Houseplants bring beauty and fresh air to our homes, but in order to keep them healthy and thriving, they need to be repotted. Repotting can seem intimidating, but with a few basic tips and a little bit of know-how, you can easily give your houseplants the room they need to grow. In this blog post, we will discuss when it is time to repot, how to repot, and how to choose the right pottery and soil mixture for your plants.
When to Repot
The first step in repotting your houseplant is knowing when it needs to be done. Some common signs that your plant needs repotting include:
- Roots emerging from the drainage holes: If you can see roots coming out of the bottom of the pot, it’s a sign that your plant has outgrown its current container.
- Slow growth or yellowing leaves: If your plant is growing slowly or its leaves are turning yellow, it may be a sign that the plant is not getting the nutrients it needs from the soil.
- Soil drying out quickly: If you find that you need to water your plant more often than usual, it may be a sign that the soil is too compacted and not allowing water to flow through.
If you notice any of these signs, it’s time to repot your plant. Many plant collectors choose to repot their plants in the spring as the plants are entering their primary growing season, but this isn’t always necessary. If your plant appears to be struggling and is showing signs that it needs to be repotted, you can do this at any time during the year.
How to Repot
Once you’ve determined that it’s time to repot your plant, it’s important to follow these steps to ensure a successful transition:
- Choose a new pot that is one size larger than the current pot—typically 1”-2” wider in diameter. You want to give your plant room to grow, but not so much that the soil will take too long to dry out.
- Water your plant a few hours before repotting. This will help the soil stay together when you remove it from the pot and reduce the risk of damaging dry, brittle roots.
- Carefully remove the plant from its current pot. Gently loosen the soil around the edges of the pot, then turn the pot upside down while supporting the plant with your other hand. Tap the bottom of the pot to help release the soil and roots.
- Loosen the roots. Once you’ve removed the plant from its pot, gently loosen the roots with your fingers. If the roots are particularly tightly packed, you can use a skewer or chopstick to help loosen them from the soil.
- Add fresh soil to the bottom of the new pot. Create a layer of soil that is deep enough to support the root ball, but not so deep that it covers the stem of the plant.
- Place the plant in the new pot. Center the plant in the new pot, then add more soil around the edges. Gently press the soil down to ensure good contact between the soil and roots, but be careful not to tightly pack the soil into the pot.
- Water the plant. Give the plant a thorough watering to help settle the soil around the roots.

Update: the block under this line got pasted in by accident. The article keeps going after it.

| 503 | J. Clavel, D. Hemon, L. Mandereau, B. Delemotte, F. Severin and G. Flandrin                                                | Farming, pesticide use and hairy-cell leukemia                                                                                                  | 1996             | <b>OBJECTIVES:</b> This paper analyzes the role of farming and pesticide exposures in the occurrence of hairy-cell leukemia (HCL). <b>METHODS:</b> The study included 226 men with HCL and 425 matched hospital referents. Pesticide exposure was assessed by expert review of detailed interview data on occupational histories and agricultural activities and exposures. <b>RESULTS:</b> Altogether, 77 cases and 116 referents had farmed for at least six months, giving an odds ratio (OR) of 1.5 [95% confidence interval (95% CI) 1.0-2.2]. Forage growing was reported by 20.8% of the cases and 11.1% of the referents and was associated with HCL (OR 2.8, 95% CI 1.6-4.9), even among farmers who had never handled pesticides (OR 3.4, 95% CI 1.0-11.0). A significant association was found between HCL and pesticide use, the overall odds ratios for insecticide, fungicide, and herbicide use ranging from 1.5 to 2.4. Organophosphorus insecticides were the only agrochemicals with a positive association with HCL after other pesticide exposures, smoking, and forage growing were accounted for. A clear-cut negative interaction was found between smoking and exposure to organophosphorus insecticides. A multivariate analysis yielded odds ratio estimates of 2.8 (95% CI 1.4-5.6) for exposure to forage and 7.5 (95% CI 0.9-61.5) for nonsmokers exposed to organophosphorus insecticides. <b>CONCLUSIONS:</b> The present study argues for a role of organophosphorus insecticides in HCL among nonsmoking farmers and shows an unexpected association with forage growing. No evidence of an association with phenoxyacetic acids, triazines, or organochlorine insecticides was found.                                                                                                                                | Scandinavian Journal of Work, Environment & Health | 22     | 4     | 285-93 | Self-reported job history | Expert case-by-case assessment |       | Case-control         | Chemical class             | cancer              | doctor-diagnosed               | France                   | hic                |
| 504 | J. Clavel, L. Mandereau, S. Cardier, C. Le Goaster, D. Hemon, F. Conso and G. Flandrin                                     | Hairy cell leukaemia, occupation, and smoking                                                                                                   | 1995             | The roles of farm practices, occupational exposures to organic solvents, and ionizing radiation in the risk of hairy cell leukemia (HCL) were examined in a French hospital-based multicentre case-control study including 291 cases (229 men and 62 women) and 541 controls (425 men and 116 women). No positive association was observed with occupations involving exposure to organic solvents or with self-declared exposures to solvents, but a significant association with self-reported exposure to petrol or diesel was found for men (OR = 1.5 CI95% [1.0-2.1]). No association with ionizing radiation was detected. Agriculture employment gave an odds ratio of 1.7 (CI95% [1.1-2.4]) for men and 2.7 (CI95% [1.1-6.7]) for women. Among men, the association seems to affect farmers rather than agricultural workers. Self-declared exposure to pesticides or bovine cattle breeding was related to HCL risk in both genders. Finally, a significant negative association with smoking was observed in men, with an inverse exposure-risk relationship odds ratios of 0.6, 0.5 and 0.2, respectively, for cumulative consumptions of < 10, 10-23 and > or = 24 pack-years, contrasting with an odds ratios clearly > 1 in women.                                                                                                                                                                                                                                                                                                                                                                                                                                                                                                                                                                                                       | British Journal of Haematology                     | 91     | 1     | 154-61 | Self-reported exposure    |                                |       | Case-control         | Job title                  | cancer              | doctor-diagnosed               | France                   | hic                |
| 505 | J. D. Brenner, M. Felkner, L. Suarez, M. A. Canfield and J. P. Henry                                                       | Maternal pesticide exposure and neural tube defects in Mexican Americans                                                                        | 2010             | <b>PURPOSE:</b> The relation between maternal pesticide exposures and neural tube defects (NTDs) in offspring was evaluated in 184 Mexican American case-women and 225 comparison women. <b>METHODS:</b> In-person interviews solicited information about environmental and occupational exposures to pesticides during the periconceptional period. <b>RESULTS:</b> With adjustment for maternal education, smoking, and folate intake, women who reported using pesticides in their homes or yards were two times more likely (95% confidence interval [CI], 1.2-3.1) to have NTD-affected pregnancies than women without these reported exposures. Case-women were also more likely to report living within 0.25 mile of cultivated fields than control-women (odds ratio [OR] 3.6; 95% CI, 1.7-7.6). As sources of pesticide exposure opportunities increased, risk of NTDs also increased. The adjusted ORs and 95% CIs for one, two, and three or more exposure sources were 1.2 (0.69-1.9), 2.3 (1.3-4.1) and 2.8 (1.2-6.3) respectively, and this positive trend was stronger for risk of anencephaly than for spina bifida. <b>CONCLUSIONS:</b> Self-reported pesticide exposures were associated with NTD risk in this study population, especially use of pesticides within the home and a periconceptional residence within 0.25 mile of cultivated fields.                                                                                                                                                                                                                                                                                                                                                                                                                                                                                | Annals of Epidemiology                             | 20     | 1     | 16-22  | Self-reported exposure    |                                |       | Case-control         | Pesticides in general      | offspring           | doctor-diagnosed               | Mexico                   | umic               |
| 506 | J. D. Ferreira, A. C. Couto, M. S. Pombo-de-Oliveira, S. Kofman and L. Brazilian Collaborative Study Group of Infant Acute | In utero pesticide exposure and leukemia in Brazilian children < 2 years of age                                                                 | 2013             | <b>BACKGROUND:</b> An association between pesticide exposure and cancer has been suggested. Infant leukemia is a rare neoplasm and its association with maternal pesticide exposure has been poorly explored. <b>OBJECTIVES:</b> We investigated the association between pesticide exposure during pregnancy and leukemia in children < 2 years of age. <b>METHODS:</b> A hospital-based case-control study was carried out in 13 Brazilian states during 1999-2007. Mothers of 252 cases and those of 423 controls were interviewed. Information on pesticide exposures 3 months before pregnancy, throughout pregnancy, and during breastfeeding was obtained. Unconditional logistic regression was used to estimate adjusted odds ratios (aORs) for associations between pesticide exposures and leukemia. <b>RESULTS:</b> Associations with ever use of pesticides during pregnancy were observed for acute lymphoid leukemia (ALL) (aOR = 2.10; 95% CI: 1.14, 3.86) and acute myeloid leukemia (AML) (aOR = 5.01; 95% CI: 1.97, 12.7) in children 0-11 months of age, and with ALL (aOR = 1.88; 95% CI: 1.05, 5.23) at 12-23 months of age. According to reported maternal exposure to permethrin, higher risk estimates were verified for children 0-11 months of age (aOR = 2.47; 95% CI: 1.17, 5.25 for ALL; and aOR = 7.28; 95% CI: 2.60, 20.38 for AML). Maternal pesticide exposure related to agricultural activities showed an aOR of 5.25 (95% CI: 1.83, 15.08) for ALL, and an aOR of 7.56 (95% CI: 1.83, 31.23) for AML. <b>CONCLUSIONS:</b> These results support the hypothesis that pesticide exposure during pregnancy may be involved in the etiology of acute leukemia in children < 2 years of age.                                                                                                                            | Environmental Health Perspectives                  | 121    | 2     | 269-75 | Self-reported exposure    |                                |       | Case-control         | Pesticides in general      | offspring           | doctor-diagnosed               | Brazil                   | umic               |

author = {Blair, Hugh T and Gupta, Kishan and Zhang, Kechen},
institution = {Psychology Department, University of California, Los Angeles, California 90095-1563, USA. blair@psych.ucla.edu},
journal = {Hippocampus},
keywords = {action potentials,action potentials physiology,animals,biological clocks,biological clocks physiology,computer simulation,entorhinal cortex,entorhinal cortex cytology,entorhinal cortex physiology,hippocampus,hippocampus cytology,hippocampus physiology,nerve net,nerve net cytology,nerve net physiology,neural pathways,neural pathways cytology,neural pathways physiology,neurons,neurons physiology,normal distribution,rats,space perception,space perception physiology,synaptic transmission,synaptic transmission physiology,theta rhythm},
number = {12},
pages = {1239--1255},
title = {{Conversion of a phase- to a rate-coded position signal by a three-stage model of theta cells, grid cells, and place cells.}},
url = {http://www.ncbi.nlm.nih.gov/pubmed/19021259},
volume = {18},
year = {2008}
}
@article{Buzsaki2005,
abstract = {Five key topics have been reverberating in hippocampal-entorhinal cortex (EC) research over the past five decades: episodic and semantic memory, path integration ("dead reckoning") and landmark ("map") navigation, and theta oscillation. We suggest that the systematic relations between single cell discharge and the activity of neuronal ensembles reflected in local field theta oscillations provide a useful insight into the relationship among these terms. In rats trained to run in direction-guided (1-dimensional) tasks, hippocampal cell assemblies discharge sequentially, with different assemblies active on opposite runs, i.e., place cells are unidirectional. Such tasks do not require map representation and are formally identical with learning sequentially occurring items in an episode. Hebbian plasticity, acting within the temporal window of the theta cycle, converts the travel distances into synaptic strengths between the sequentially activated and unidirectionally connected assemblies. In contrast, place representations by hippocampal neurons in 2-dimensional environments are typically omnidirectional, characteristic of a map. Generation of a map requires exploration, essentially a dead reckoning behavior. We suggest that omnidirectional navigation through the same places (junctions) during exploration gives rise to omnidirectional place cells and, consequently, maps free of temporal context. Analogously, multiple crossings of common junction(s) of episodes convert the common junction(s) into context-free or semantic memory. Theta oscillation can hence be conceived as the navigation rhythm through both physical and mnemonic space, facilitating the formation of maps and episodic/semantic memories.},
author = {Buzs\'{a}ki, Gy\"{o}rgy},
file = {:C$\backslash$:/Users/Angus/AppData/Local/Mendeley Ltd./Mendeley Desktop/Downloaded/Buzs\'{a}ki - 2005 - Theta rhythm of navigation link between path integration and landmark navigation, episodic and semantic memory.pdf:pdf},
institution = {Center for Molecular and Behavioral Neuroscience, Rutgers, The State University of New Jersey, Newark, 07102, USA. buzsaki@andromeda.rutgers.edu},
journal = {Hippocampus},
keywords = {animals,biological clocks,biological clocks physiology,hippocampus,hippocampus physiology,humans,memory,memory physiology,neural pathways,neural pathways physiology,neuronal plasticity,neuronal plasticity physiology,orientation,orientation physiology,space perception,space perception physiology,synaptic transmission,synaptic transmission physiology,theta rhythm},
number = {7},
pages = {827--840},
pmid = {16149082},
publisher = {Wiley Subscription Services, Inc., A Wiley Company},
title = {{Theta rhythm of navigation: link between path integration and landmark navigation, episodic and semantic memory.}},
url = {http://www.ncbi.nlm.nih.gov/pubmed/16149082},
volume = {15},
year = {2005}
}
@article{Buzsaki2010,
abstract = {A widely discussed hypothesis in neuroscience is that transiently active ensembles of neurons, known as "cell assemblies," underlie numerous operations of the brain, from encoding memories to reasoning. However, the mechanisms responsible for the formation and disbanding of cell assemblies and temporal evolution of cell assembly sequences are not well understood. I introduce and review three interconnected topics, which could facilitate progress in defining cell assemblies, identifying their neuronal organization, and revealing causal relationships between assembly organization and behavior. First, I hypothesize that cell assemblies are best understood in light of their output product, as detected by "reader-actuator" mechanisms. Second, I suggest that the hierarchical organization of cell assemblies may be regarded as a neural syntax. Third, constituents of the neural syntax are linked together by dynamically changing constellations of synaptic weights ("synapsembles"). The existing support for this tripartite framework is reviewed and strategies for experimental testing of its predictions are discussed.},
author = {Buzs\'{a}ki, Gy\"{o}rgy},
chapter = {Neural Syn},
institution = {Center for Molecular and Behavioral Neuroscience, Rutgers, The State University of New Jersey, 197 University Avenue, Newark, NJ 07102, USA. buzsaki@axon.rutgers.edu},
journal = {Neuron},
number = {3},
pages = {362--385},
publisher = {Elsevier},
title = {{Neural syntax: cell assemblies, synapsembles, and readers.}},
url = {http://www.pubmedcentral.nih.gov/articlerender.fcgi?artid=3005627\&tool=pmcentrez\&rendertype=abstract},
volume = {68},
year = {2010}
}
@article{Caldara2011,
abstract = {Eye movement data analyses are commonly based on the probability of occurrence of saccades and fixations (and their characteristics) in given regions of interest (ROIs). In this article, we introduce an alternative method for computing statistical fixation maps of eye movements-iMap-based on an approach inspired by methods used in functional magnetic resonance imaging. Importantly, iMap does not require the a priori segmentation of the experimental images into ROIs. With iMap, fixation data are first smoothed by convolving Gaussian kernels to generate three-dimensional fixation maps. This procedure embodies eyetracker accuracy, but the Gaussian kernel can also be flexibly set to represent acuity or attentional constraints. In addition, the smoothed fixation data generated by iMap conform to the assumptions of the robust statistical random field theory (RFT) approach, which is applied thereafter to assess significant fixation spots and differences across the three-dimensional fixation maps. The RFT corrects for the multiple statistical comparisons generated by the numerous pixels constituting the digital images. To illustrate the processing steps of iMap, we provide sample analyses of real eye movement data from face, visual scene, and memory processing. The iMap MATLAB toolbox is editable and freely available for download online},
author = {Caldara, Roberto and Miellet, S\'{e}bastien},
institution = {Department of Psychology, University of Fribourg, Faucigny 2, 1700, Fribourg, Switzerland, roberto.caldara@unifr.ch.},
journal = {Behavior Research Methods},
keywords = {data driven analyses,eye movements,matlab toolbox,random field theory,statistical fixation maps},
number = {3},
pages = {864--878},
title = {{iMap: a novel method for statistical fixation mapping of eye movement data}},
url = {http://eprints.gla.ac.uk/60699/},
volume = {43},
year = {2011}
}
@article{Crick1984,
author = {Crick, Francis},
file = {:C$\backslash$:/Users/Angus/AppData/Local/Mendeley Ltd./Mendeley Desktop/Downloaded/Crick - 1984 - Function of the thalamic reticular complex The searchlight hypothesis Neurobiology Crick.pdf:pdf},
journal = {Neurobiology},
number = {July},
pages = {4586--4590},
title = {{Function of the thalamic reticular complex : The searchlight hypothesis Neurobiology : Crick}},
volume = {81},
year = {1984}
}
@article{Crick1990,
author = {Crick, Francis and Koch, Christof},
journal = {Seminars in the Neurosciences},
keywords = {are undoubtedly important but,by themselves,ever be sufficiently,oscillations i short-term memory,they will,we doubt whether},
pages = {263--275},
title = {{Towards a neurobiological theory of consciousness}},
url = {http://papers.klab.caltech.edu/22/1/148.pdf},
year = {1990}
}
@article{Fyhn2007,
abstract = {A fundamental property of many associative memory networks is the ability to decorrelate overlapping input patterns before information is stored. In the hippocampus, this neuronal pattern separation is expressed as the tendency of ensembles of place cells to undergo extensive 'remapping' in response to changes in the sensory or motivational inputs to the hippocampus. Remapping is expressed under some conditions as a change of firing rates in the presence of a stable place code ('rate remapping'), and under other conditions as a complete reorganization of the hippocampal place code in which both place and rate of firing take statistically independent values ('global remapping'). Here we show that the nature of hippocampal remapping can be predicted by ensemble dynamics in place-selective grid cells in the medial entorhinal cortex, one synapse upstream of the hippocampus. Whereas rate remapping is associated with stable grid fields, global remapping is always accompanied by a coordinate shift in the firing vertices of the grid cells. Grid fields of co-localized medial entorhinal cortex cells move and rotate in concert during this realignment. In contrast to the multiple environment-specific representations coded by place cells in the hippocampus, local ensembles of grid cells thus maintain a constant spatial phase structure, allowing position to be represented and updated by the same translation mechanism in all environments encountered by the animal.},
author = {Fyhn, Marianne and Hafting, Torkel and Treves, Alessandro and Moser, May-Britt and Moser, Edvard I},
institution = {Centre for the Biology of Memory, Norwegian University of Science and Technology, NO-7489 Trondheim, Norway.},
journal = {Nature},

Choosing the Right Pottery and Soil Mixture
When it comes to choosing the right pottery and soil mixture for your plant, you are going to want to consider your plant care habits. Do you tend to overwater or underwater? Is this plant going to be placed in bright sun or partial shade?
- Pottery: Although we tend to think of pottery as a decorative statement, try to consider your pots as a tool in your plant care arsenal. You can choose from a variety of materials, including ceramic, terra cotta, or plastic. Each material has its own advantages and disadvantages, and some might be more suited to your home, your plants, and your plant care routine.
For example, glazed ceramic or plastic pots might be a good choice for someone who tends to underwater their plants because these pots will help retain moisture in the soil for a longer period of time. If you tend to overwater your plants, or you enjoy collecting plants that prefer long periods of drought, terra cotta might be a better option. In either case, ensure your pots have plenty of drainage holes to promote air circulation and allow excess water to drip out the bottom.
- Soil: Choosing the right soil for your plants is one of the most important steps when repotting. Healthy roots are essential for plant growth, and potting your plant in the wrong soil can lead to a rapid decline in your plant’s health.
One of the first steps in choosing a potting mix is to consider your plant’s natural growing conditions. In nature, does this plant grow on the forest floor in rich soil, in the desert sand, or is it an epiphyte perched high up in the canopy of a tree where its roots are exposed to lots of oxygen?
Next, consider your plant’s water requirements. Does your plant prefer consistently moist soil, or will its roots rot if they stay wet for too long? Do its roots need extra airflow and a well-draining mix? All of these factors will help you determine the most appropriate soil mixture for your plants.
Once you have determined your plant’s soil needs, it’s time to get your hands dirty! If your plants need extra drainage and airflow to their roots, try adding extra perlite, vermiculite, or orchid bark to your potting soil. For succulents and cacti, adding sand, perlite, or pumice will mimic their natural growing conditions and reduce the risk of overwatering.
- Fertilizer: Consider adding a slow-release fertilizer to the soil to provide your plant with the nutrients it needs to grow. Be sure to follow the manufacturer’s instructions to avoid over-fertilization and leaf burn.
Pro Tip: Your plant might undergo some stress after repotting. This is normal and should not be cause for concern. Give your plant a couple of weeks to adjust to its new pot and avoid drastically changing its growing conditions during this time.